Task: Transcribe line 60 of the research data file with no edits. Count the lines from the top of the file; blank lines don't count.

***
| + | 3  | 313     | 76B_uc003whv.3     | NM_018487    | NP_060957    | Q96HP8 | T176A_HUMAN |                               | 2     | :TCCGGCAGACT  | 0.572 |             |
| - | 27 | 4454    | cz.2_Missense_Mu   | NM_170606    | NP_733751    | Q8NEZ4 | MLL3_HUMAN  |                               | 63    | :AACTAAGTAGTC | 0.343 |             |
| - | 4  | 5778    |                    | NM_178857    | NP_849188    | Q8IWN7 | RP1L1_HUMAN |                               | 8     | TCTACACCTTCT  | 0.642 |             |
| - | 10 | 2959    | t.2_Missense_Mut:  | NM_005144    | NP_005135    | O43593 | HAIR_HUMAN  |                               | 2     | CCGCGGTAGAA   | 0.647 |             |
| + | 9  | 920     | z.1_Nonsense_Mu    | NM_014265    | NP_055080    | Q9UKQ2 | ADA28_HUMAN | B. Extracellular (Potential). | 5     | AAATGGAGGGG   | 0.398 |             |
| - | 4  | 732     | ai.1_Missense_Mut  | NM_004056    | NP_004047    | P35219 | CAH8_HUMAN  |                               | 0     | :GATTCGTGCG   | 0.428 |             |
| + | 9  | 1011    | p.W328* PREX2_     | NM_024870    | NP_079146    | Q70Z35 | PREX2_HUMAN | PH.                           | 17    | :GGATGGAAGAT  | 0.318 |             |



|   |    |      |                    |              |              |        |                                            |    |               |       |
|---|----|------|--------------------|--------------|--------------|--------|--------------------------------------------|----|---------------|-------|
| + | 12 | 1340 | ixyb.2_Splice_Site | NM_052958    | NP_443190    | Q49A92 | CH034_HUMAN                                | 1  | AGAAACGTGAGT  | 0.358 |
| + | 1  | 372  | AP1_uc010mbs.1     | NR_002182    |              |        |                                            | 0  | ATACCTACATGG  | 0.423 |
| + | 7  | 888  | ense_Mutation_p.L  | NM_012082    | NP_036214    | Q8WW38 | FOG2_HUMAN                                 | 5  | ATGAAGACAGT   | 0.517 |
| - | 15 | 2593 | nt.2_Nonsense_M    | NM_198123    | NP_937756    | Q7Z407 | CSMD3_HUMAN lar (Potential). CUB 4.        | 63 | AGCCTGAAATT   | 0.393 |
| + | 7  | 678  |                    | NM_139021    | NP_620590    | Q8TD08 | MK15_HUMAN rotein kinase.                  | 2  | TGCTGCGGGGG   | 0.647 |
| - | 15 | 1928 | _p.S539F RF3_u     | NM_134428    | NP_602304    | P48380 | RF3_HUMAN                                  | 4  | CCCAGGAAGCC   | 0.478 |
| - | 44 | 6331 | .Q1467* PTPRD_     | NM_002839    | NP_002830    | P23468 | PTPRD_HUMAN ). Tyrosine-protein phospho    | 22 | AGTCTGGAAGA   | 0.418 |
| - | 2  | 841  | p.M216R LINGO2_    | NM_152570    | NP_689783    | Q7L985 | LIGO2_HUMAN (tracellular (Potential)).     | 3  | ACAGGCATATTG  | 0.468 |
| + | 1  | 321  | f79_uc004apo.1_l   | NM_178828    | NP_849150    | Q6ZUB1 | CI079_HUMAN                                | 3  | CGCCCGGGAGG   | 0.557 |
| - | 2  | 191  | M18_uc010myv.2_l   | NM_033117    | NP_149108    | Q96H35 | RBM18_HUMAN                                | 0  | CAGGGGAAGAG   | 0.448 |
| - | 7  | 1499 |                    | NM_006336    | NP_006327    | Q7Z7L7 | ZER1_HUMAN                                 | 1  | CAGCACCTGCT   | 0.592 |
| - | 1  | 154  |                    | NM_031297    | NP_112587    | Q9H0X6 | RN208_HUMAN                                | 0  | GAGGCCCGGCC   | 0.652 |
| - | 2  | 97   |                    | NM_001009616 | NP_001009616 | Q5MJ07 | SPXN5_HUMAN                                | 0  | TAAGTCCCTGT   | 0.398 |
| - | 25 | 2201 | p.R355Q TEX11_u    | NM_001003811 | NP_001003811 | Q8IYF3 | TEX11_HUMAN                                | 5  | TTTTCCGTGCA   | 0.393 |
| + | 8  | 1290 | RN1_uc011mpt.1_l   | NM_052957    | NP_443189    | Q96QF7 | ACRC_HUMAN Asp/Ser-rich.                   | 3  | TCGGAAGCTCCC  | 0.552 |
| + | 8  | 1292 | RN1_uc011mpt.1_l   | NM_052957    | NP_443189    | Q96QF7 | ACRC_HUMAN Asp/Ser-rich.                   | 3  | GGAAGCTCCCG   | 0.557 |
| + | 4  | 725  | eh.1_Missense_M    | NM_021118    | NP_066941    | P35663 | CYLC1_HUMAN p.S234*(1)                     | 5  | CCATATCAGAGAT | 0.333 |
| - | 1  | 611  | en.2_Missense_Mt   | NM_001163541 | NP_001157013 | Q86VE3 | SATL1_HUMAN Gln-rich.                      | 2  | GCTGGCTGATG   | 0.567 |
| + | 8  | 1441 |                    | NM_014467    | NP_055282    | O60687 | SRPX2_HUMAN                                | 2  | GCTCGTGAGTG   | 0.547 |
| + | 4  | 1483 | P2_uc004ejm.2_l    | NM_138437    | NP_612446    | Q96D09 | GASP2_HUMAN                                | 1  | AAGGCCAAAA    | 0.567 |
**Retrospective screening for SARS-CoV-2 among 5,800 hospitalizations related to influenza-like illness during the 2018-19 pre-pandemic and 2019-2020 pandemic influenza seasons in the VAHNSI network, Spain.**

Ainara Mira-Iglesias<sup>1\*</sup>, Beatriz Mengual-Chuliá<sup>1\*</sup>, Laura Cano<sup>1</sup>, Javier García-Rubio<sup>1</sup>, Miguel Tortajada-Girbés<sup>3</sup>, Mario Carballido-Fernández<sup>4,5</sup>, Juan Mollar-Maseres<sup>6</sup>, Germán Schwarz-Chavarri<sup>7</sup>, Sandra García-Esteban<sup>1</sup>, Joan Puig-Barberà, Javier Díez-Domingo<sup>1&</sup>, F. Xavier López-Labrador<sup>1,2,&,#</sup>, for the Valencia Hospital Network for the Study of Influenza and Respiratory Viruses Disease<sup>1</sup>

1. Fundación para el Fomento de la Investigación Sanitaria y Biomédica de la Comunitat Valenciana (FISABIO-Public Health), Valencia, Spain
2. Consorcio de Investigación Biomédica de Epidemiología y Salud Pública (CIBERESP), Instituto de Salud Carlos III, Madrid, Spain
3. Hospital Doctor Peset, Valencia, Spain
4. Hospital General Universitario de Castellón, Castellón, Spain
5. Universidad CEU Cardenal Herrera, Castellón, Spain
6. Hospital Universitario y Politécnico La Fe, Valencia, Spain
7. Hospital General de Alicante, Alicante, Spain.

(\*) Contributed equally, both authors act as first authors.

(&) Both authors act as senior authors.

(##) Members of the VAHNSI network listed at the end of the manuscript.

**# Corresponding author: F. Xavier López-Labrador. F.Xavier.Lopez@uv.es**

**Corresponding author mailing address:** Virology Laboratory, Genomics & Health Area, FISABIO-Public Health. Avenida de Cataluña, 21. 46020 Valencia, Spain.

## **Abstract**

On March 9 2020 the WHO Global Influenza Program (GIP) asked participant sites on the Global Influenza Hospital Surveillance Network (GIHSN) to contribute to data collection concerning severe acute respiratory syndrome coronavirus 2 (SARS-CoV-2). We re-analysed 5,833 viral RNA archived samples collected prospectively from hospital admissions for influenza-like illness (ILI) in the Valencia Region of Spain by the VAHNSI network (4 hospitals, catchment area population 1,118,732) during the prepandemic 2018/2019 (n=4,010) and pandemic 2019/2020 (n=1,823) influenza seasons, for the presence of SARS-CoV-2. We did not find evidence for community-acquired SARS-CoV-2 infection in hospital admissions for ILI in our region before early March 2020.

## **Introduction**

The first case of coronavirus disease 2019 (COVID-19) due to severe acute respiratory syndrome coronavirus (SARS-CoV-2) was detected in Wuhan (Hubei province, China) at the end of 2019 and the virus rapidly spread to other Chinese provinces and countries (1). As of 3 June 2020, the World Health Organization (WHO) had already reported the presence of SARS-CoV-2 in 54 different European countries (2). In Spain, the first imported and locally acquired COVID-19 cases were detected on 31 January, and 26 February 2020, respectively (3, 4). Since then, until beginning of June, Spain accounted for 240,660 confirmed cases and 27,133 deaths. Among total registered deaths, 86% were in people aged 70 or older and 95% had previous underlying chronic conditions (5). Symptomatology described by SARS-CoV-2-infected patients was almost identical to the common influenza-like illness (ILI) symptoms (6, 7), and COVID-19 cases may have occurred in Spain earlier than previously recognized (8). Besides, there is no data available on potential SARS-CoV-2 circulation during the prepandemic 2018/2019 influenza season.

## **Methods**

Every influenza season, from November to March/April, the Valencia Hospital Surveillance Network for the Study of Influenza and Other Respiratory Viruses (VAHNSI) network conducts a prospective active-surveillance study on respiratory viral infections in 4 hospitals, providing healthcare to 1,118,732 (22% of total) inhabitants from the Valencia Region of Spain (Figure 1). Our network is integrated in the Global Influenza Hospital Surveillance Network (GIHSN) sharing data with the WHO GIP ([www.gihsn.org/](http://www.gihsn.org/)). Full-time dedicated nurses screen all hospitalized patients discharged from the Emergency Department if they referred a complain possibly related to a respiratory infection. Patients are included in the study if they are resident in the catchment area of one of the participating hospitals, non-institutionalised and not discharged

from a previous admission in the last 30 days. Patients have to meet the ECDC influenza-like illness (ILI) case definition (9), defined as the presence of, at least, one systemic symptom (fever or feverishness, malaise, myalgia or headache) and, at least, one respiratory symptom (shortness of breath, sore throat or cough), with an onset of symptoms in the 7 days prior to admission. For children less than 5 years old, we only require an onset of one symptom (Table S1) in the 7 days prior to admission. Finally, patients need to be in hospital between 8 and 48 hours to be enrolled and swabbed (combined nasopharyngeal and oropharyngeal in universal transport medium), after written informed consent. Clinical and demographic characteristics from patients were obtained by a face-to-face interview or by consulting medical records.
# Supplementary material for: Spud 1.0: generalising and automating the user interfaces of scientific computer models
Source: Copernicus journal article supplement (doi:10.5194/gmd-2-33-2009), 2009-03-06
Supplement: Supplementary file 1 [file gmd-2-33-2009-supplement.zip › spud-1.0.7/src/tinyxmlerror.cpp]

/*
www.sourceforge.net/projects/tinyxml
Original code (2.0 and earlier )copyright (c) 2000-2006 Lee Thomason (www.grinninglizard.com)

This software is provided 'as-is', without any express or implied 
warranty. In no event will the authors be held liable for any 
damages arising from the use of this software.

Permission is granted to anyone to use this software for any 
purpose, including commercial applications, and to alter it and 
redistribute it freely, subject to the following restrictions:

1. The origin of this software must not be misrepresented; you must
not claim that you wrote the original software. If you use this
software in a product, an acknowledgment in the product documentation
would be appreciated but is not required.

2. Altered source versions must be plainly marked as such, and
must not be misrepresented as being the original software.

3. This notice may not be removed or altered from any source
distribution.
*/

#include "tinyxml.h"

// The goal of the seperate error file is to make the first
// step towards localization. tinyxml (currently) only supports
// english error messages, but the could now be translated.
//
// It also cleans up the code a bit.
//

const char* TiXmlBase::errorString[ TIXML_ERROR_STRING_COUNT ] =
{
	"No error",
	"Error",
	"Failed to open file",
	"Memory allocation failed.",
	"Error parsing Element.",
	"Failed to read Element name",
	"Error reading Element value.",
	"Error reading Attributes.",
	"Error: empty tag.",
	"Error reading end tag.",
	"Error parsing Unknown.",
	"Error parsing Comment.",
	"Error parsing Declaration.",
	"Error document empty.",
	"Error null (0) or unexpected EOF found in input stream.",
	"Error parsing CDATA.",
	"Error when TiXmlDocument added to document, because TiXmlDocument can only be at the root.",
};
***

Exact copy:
Permission is granted to anyone to use this software for any 